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Conservative leadership candidate Pierre Poilievre gestures towards Jean Charest as Roman Baber, left, Scott Aitchison and Leslyn Lewis, right, debate at the Canada Strong and Free Network conference, in Ottawa, on May 5.Adrian Wyld/The Canadian Press

The animosity between Ontario MP Pierre Poilievre and former Quebec premier Jean Charest set the tone for the first debate of the Conservative Party’s leadership race, where Mr. Charest was the outsider for his sharp criticism of the trucker blockades.

Five of the six candidates vying to be leader took part in the bruising Thursday night debate in front of a conservative crowd in Ottawa.

The unofficial debate was held by the conservative Canada Strong and Free Network, formerly known as the Manning Centre, and included Ontario MPs Leslyn Lewis and Scott Aitchison, and former independent Ontario MPP Roman Baber. Brampton Mayor Patrick Brown’s campaign said he was too busy holding events to attend.

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The debate kicked off a critical four weeks for the candidates as they race to sign up members before the early June deadline. The new leader will be announced on Sept. 10. The option on offer for the Conservative grassroots was quickly made clear at the Thursday debate: moderate some positions to appeal to a wider group of voters in a general election or count on a populist message to sway voters away from Justin Trudeau’s Liberals.

Mr. Charest was met with boos that nearly drowned out his comments when he criticized Mr. Poilievre for supporting the trucker protests, that shuttered downtown Ottawa for most of February and prompted intermittent closings at several border crossings.

Mr. Poilievre “supported an illegal blockade,” Mr. Charest said. “You cannot make laws and break laws.”

“The average trucker has more integrity in his pinky finger than you had in your entire scandal-plagued Liberal cabinet,” Mr. Poilievre said in response, referring to Mr. Charest’s time as Quebec Premier.

The two also sparred over Mr. Charest’s work for Chinese telecom Huawei. Mr. Poilievre repeatedly demanded that the former premier disclose how much he made from the controversial company. Mr. Charest dismissed the point saying: “This is not a student council.” But he also declined to answer and said his work helped release the two Michaels, who were arbitrarily detained in China.

“Have you got some swamp land to sell us in Florida too?” Mr. Poilievre asked.

Mr. Charest was the federal leader of the Progressive Conservatives in the 1990s and later led the Quebec government under the Liberals – which was a coalition federalist party at the time. He was repeatedly forced to defend his blue credentials, with Mr. Poilievre suggesting Mr. Charest had temporarily donned a blue shirt “to take over the party.”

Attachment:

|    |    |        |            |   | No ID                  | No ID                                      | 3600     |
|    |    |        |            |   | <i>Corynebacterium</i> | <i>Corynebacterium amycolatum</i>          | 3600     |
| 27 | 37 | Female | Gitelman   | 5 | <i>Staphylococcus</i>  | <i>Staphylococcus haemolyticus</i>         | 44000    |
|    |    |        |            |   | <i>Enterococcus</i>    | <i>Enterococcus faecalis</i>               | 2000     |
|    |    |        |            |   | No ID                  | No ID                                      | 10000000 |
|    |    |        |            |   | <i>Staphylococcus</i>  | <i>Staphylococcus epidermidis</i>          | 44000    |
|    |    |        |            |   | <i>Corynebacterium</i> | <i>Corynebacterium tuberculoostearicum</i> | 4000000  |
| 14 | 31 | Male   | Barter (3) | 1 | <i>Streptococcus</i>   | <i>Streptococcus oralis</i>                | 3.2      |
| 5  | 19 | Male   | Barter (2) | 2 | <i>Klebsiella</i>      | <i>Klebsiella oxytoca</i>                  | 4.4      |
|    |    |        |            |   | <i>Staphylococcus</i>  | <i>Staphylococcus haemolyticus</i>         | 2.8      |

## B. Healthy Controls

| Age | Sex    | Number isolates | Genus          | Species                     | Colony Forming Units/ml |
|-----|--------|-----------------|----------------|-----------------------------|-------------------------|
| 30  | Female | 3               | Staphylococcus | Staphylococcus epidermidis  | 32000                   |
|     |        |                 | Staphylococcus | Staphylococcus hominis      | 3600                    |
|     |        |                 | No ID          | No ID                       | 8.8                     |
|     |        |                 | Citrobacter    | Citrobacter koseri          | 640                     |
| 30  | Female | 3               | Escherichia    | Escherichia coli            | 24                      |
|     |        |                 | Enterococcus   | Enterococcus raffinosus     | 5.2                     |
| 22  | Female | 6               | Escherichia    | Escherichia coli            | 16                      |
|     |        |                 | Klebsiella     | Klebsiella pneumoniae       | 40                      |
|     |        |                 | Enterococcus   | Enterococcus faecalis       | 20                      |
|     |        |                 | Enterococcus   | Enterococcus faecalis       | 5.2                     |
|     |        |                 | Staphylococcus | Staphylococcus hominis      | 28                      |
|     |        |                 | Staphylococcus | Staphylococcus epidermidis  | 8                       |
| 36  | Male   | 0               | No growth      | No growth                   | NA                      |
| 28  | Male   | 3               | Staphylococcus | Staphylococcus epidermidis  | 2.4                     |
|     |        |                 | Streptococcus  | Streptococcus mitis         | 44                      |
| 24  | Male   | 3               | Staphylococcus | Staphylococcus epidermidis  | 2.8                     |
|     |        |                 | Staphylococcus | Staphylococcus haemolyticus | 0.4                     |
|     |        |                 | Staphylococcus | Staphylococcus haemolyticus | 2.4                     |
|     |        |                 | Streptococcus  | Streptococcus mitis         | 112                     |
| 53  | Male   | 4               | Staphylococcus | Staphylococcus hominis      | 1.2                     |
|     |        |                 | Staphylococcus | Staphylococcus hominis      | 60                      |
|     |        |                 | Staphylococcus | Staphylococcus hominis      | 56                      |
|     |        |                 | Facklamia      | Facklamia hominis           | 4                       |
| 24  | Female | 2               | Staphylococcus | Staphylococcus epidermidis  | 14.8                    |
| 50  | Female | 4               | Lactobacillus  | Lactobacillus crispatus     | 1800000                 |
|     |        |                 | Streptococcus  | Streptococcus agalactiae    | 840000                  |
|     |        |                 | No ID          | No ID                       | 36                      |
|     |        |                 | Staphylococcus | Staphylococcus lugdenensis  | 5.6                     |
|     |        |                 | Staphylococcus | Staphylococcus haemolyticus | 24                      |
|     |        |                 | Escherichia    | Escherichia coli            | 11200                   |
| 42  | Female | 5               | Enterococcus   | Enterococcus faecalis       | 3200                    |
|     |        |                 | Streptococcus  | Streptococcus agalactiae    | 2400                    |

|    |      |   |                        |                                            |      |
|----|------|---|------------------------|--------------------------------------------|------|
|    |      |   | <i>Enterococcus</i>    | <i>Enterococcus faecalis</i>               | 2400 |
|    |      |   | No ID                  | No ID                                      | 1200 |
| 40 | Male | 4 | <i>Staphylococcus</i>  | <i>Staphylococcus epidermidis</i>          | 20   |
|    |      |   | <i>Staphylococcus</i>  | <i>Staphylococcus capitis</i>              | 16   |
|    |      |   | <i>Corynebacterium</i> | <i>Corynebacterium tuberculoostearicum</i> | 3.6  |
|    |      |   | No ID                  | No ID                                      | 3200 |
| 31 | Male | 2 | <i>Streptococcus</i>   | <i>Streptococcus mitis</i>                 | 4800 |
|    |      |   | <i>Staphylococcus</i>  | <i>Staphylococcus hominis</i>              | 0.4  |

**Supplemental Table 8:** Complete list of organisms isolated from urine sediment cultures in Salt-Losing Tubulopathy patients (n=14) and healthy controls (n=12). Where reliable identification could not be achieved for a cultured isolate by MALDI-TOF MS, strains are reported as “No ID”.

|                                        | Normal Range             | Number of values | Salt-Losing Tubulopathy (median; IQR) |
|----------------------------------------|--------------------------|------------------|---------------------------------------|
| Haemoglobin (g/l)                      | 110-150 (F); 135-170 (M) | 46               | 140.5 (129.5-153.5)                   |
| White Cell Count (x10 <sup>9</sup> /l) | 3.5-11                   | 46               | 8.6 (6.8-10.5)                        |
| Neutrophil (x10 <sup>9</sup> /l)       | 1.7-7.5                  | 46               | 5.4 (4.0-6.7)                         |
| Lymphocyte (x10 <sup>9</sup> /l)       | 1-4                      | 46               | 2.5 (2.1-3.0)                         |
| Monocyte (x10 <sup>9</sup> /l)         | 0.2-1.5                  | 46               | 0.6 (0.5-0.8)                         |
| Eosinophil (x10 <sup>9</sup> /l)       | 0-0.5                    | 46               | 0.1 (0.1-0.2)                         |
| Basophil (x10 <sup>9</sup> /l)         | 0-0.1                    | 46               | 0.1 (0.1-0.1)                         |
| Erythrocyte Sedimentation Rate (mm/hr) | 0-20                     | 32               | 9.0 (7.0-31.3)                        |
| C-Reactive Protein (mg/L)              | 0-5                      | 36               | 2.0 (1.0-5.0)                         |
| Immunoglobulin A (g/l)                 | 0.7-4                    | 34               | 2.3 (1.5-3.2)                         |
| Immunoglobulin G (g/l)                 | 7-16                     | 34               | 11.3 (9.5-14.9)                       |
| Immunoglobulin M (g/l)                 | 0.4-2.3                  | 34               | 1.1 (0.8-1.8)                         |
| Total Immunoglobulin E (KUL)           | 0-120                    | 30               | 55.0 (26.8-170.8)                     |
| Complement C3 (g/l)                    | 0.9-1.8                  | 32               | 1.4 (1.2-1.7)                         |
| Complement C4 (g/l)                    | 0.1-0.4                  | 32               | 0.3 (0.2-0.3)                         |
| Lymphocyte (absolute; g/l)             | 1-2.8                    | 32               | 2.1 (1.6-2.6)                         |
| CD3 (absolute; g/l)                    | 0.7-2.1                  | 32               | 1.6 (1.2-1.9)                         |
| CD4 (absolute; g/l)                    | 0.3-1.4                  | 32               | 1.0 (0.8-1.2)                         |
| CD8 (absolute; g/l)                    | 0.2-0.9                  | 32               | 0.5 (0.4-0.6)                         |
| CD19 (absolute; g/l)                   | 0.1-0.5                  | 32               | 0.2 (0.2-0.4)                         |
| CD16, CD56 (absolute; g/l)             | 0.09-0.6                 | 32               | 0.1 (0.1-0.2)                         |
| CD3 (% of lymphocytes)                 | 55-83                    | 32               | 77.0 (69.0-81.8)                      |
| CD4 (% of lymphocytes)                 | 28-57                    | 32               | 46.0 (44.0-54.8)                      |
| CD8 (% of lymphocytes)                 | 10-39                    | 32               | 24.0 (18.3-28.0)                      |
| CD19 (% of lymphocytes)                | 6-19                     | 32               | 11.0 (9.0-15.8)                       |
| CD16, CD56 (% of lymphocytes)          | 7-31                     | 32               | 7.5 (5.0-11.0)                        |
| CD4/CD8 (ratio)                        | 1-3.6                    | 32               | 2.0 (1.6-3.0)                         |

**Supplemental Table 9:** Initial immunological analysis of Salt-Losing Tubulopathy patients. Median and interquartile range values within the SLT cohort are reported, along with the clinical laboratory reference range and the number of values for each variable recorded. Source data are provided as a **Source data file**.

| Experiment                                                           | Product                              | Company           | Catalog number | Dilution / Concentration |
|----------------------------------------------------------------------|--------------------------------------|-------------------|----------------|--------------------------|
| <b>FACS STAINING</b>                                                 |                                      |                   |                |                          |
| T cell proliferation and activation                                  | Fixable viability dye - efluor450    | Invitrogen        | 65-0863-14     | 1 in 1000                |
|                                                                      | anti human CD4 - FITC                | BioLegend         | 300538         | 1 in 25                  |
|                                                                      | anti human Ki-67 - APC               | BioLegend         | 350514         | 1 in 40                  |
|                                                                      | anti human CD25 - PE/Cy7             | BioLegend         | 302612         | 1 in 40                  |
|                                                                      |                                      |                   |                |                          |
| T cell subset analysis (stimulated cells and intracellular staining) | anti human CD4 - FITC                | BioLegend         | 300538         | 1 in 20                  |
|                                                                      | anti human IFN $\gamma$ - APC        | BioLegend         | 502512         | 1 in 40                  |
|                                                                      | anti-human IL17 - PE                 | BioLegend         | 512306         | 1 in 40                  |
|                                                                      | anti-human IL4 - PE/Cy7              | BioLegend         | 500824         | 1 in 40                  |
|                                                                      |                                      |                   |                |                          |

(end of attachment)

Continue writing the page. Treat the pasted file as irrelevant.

Running as the bridge-building candidate, Mr. Aitchison criticized the personal attacks. “All we do is yell and scream at each other,” he said. “Here we are calling each other names. What Canadian is going to trust this lot?”

Similarly, Mr. Baber said the focus should be on the issues. “I like everyone, even Jean, who can’t get my name right,” he said.

In his opening statement, Mr. Charest said Conservatives are the “national alternative” to the Liberals and have to “live up to that responsibility.” The veteran politician told the crowd they should elect him “if you’re tired of losing campaigns.” And he pointed to his history campaigning to keep Canada united during the Quebec referendums as proof he can unite the country behind Conservatives and address Western alienation.

Both he and Mr. Poilievre talked about the need to sway voters in the suburbs but Mr. Poilievre said the way to win there was by giving people their “purchasing power back” and getting “big bossy government” out of the way. In his opening statement, he decried vaccine mandates and inflation and pledged to defund the CBC.

The debate was moderated by Candice Malcolm from the conservative website True North and Jamil Jivani from the Canada Strong and Free Network. The crowd included Conservative stalwarts like Preston Manning and embattled Alberta Premier Jason Kenney.

The ranked ballot vote in the race means that candidates will need to rely on support from other camps if no one wins on the first ballot. Mr. Poilievre focused his attacks on Mr. Charest, with little to say against Ms. Lewis, Mr. Aitchison or Mr. Baber.

However, Ms. Lewis challenged him to disclose his personal views on abortion, noting that he hasn’t clarified them. Mr. Poilievre has said he won’t change Canada’s abortion laws. Anti-abortion group Campaign Life Coalition says Mr. Poilievre used to be a “solid pro-life, pro-family” MP but the group says he abandoned those views in 2020.

Ms. Lewis also accused Mr. Poilievre of only speaking up for “freedom” during the pandemic when it was “convenient” and “popular.”

The race has turned into a “fight for the heart and soul of the party,” said pollster Nik Nanos. “On the one hand, Poilievre is looking to lead and capture a populist-style insurgency, first of the party and then of the country. In contrast, Charest and Brown are looking to shift closer to the centre to capture disaffected centrist minded voters.”

So far, Mr. Poilievre has attracted the largest crowds and the most cash. Newly released fundraising numbers show that by the end of March, Mr. Poilievre had raised $545,298 from 3,336 donors. Following close behind is Mr. Charest, who raised $490,088 but from just 572 donors.

At $225,751, Ms. Lewis fell well short in the total cash raised but attracted far more donors than Mr. Charest with 1,456 people contributing to her campaign. By the end of March, Mr. Brown raised $115,775 from 73 donors; Mr. Aitchison raised $90,945 from 70 people; and Mr. Baber $53,987 from 475 donors.

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